With each mill closing, more and more ‘Lawn Care’ businesses and “Garages” were started by the laid-off men. The laid-off women tried to sell Avon, Mary Kay, or Real Estate. “For Sale” signs popped up like mushrooms. Many picked up stakes and headed to the southern states where they heard there was work; but it was non-union work that didn’t pay a living wage. Some of the upper class of corporate managers fared better, they were all re-located elsewhere, at least until the next round of lay-offs; the lower levels of management were scraped off like the workers then and there. With each recession, the ‘bottom’ turned out to be further and further down. Those who had managed to survive one ‘downturn’ only got whacked by the next. The only booming businesses now were the self-storage places and the truck rental firms.
The area’s largest ‘city’, Wings Falls, which had felt so smug about it’s prosperity in the 80’s, was at a loss to explain why it had been abandoned by the companies it had been so proud of. The city officials flailed around for solutions. Like every other city in the nation that was in the same trouble they bought the idea of building a CivicCenter to attract tourists. Obviously they never watched “Roger and Me.”
The people looked awful; obviously poor, almost all were obese; and worse, they wore a furtive, suspicious air or looked drugged. So damn depressing. The Cabbie he took from the lab was a fat, young male in his late twenties who grew up in Florida, Georgia, South and North Carolina. Like the first driver, Frank heard his life story too. He shared the fare with a smoke-croupy, worn-tired, shapeless, thirtyish red-haired woman who worked at the “Cumby’s” a mile away. She said she’d had enough of working the 11-7 shift “What with all the f**kin drunks and crackheads”, but she could handle anything because she’d waitressed at the “Irish Pizza House”, whatever the hell that meant.
The next fare he shared was another smoke-croupy, forty eight year old, red-haired, dumpy, Floridian Divorcee who was up here in a ‘safe house’, as she was a victim of domestic violence and undergoing counseling for her “mental problems because a da abuse”. She had been in a coma for five days in Florida after being knocked “thirty seven feet by a Budget-Rent-A-Truck doing sixty two miles per hour. Lost two toes.” Turns out she and the cabbie were from the same place in Florida and had the same opinion of the “Red States’” educational system; which meant thirty three kids packed into one half of an un-airconditioned trailer.
“Shove a stick of dynamite up all their asses for all I care.” Was the way she summed up.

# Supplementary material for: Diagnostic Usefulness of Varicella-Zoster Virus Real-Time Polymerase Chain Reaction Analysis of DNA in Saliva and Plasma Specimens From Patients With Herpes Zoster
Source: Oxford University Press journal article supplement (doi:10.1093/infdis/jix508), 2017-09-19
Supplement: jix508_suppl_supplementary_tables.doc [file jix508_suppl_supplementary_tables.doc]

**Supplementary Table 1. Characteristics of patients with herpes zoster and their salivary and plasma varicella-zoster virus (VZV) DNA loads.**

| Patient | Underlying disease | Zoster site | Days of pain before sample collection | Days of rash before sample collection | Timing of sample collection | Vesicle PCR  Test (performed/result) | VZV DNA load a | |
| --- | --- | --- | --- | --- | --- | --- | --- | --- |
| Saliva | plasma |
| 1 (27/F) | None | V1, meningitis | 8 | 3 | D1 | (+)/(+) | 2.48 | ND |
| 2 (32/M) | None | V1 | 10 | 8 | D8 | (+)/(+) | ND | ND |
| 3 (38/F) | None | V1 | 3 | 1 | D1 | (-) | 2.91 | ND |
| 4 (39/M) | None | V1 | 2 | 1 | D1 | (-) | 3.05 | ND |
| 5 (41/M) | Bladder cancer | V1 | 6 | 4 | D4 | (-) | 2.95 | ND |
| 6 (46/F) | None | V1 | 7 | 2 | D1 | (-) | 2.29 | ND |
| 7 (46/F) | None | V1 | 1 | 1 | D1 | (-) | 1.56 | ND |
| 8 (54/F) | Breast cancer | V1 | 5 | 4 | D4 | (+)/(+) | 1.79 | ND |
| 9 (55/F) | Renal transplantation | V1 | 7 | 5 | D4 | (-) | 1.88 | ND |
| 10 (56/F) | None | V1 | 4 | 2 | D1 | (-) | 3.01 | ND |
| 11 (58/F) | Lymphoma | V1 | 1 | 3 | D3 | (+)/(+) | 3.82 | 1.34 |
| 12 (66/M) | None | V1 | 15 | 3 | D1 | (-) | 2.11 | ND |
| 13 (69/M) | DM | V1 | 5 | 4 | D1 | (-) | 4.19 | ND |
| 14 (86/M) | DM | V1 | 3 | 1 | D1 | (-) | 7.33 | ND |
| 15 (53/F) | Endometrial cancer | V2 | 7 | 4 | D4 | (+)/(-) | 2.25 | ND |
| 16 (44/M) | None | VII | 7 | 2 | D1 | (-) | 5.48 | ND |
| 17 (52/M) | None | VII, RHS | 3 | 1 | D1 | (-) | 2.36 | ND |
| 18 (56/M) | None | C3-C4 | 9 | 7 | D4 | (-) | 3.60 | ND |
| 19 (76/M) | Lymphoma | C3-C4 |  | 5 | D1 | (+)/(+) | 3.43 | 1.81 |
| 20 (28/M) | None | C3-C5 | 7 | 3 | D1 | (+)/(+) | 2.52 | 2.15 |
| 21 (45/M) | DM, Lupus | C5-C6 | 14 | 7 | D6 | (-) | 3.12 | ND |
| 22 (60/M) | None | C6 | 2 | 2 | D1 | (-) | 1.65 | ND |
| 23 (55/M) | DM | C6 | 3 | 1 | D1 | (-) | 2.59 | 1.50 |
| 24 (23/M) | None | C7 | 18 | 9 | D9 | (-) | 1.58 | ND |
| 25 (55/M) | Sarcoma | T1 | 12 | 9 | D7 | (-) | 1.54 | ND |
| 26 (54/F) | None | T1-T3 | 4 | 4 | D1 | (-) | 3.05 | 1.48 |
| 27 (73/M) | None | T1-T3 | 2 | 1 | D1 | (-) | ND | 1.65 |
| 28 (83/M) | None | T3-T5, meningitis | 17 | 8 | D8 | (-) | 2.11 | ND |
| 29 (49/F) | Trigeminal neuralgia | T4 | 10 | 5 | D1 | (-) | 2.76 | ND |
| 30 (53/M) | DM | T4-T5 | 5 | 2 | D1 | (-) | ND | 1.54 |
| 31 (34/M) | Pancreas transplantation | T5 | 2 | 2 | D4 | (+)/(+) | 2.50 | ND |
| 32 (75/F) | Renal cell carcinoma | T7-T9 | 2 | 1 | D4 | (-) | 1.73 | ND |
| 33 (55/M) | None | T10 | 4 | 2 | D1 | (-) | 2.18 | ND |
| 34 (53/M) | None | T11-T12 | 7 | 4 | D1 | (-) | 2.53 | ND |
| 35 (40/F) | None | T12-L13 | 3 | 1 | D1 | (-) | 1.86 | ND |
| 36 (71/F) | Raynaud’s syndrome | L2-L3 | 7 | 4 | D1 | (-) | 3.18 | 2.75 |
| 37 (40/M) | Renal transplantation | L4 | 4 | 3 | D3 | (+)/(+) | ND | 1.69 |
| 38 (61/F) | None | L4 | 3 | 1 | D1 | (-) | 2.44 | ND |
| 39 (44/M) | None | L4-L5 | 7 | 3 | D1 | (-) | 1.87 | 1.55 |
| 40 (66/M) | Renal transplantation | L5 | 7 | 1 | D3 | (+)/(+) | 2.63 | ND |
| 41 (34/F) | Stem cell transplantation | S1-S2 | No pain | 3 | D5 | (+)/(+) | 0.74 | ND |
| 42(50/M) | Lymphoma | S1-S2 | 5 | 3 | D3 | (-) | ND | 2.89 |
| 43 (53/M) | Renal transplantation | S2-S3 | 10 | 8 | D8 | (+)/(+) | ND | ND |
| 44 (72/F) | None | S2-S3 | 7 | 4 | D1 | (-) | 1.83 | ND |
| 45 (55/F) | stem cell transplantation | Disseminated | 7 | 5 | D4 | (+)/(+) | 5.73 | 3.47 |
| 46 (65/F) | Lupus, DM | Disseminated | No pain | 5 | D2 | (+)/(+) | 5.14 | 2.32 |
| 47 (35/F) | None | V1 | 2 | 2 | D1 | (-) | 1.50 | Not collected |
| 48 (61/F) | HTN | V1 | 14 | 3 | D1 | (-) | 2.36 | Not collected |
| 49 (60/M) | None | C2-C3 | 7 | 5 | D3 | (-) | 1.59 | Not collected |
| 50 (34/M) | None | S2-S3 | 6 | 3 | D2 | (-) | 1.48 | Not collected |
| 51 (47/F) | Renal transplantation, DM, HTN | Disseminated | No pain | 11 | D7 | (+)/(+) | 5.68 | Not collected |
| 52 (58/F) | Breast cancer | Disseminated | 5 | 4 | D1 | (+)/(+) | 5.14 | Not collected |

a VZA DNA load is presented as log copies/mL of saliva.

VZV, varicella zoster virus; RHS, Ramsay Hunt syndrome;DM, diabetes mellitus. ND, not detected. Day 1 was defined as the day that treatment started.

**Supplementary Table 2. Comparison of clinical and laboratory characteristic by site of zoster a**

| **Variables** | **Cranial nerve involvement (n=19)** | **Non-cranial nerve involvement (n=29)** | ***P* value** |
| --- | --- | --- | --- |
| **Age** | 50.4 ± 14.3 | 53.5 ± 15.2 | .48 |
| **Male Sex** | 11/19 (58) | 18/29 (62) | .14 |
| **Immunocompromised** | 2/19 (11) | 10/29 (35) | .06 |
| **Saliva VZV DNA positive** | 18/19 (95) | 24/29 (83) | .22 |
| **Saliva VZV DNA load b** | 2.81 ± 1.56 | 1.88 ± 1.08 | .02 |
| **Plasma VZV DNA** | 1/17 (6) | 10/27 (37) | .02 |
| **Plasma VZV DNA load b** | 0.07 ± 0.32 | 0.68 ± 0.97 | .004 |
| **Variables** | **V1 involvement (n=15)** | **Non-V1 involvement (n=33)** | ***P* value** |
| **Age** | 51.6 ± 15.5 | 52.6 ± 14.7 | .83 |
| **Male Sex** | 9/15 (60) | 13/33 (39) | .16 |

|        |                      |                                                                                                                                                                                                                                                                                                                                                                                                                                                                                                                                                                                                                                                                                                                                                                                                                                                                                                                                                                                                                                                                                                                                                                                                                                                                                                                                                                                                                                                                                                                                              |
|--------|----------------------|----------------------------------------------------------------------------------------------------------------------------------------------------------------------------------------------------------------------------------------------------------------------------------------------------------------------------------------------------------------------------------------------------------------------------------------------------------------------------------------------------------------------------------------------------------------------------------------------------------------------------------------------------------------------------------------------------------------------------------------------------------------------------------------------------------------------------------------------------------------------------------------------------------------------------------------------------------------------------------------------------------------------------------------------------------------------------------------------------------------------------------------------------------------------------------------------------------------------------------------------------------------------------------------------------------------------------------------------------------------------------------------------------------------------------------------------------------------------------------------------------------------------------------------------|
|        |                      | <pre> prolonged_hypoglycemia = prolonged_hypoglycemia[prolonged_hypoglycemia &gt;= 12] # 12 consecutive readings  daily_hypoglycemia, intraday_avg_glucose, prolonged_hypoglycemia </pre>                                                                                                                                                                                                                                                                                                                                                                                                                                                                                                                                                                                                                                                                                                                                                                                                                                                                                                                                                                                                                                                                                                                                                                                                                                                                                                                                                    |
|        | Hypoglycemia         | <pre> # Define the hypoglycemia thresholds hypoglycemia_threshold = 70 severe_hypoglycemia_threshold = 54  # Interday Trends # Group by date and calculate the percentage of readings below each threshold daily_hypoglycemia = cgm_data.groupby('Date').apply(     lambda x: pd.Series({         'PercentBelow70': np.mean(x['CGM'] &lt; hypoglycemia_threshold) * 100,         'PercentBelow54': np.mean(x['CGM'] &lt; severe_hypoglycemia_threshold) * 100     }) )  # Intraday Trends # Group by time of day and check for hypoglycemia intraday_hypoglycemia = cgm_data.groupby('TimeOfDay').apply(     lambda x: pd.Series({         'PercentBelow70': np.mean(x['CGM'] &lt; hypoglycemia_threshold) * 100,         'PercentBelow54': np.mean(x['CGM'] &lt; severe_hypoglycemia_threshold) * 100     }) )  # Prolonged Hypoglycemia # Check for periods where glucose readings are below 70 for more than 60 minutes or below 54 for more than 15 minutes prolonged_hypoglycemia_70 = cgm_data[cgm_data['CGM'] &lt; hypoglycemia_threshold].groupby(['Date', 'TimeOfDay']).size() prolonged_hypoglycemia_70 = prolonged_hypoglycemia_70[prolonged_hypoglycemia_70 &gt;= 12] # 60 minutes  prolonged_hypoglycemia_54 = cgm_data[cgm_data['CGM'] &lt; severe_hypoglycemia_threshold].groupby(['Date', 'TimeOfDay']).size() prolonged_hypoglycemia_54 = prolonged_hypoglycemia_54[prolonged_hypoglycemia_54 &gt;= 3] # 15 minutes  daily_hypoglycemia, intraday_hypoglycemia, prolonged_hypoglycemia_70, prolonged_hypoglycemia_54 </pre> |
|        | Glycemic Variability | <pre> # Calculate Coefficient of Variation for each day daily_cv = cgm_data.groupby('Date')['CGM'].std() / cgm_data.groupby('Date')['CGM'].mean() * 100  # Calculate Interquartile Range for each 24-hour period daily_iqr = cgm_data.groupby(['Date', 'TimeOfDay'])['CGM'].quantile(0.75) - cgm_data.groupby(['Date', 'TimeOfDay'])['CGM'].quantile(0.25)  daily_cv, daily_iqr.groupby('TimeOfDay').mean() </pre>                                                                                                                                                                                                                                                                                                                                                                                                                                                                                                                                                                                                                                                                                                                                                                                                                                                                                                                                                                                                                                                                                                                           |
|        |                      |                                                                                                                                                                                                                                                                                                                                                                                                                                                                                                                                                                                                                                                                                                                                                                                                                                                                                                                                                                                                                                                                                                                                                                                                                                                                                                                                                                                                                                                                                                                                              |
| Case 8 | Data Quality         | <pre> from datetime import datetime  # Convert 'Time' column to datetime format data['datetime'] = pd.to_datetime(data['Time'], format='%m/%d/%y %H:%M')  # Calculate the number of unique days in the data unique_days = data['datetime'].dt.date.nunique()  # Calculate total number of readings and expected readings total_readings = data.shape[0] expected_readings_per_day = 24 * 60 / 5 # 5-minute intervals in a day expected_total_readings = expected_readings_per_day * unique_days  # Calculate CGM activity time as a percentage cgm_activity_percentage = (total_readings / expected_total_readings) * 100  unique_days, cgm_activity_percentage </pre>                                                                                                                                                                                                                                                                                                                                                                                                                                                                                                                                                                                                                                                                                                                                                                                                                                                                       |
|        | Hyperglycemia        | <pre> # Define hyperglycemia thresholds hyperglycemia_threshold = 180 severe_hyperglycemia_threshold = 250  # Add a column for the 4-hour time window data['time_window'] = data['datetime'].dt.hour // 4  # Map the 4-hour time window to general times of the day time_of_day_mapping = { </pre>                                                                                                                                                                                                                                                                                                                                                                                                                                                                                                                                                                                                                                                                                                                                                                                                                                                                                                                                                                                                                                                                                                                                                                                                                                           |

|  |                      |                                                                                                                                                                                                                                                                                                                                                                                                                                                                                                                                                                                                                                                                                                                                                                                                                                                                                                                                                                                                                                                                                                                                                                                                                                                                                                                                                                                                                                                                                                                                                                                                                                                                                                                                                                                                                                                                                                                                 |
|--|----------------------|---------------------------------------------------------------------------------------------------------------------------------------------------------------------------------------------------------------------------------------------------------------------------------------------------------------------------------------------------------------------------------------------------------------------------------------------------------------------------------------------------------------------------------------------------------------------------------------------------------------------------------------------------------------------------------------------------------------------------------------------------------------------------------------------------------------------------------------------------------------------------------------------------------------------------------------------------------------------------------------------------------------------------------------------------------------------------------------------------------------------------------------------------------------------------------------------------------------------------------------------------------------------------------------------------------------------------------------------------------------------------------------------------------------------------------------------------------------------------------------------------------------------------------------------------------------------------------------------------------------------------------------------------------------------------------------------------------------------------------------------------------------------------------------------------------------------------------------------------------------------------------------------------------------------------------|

He had the cabbie drop him off at a grocery store. From there it was a twelve mile hike home, but he’d rather spend what little money he had on food than a ride. As he walked toward the distant hills of his home, he thought that it was impossible to talk with any of these people, because they don’t want to hear anything you have to say. They just want to vomit their life stories all over you; stories that have been told over and over and over so often they have worn such deep ruts in their minds that they can’t climb out of them, or hear anyone else while they’re in them.
While of course everybody wants to talk about themselves, these people lacked the clutch, the ‘etiquette’, that others had that led them to pause in their monologues and give others a chance to talk about themselves too.
He mused on what could be the critical dividing difference between those who ‘succeed’, and get to enjoy the perks of society by being inducted into the ‘Middle or Upper Class‘, and those who are left behind; the ‘Proles’.
As he have been in both classes several times already in the course of his Polytropos life and been known and accepted by both at different times, he had empirical knowledge to go on. He’d dined with Bank VPs, Plant Managers, and Corporate Officers, and played tennis and racquetball at their clubs. And he’d been a dishwasher and cook, a bouncer, laborer, Paper Mill Foreman, Artist, and a Farmer…and now it seemed he was about to become an employee at a dumps.
He could unequivocally say native intelligence is not the difference. He’d seen Upper Class members as dumb as the dumbest Prole; and Proles every bit as intelligent as the smartest Elite. Educationally there is often a huge gap, that’s obvious. It’s the access to higher education that is to blame, and there is more family pressure for a degree, if not an education, among the elite. The Proles are far more likely to either not attend college or to not graduate high school; and that consigns them to a lower earning class immediately, unless they become entrepreneurs or work their way up the disappearing corporate ladders.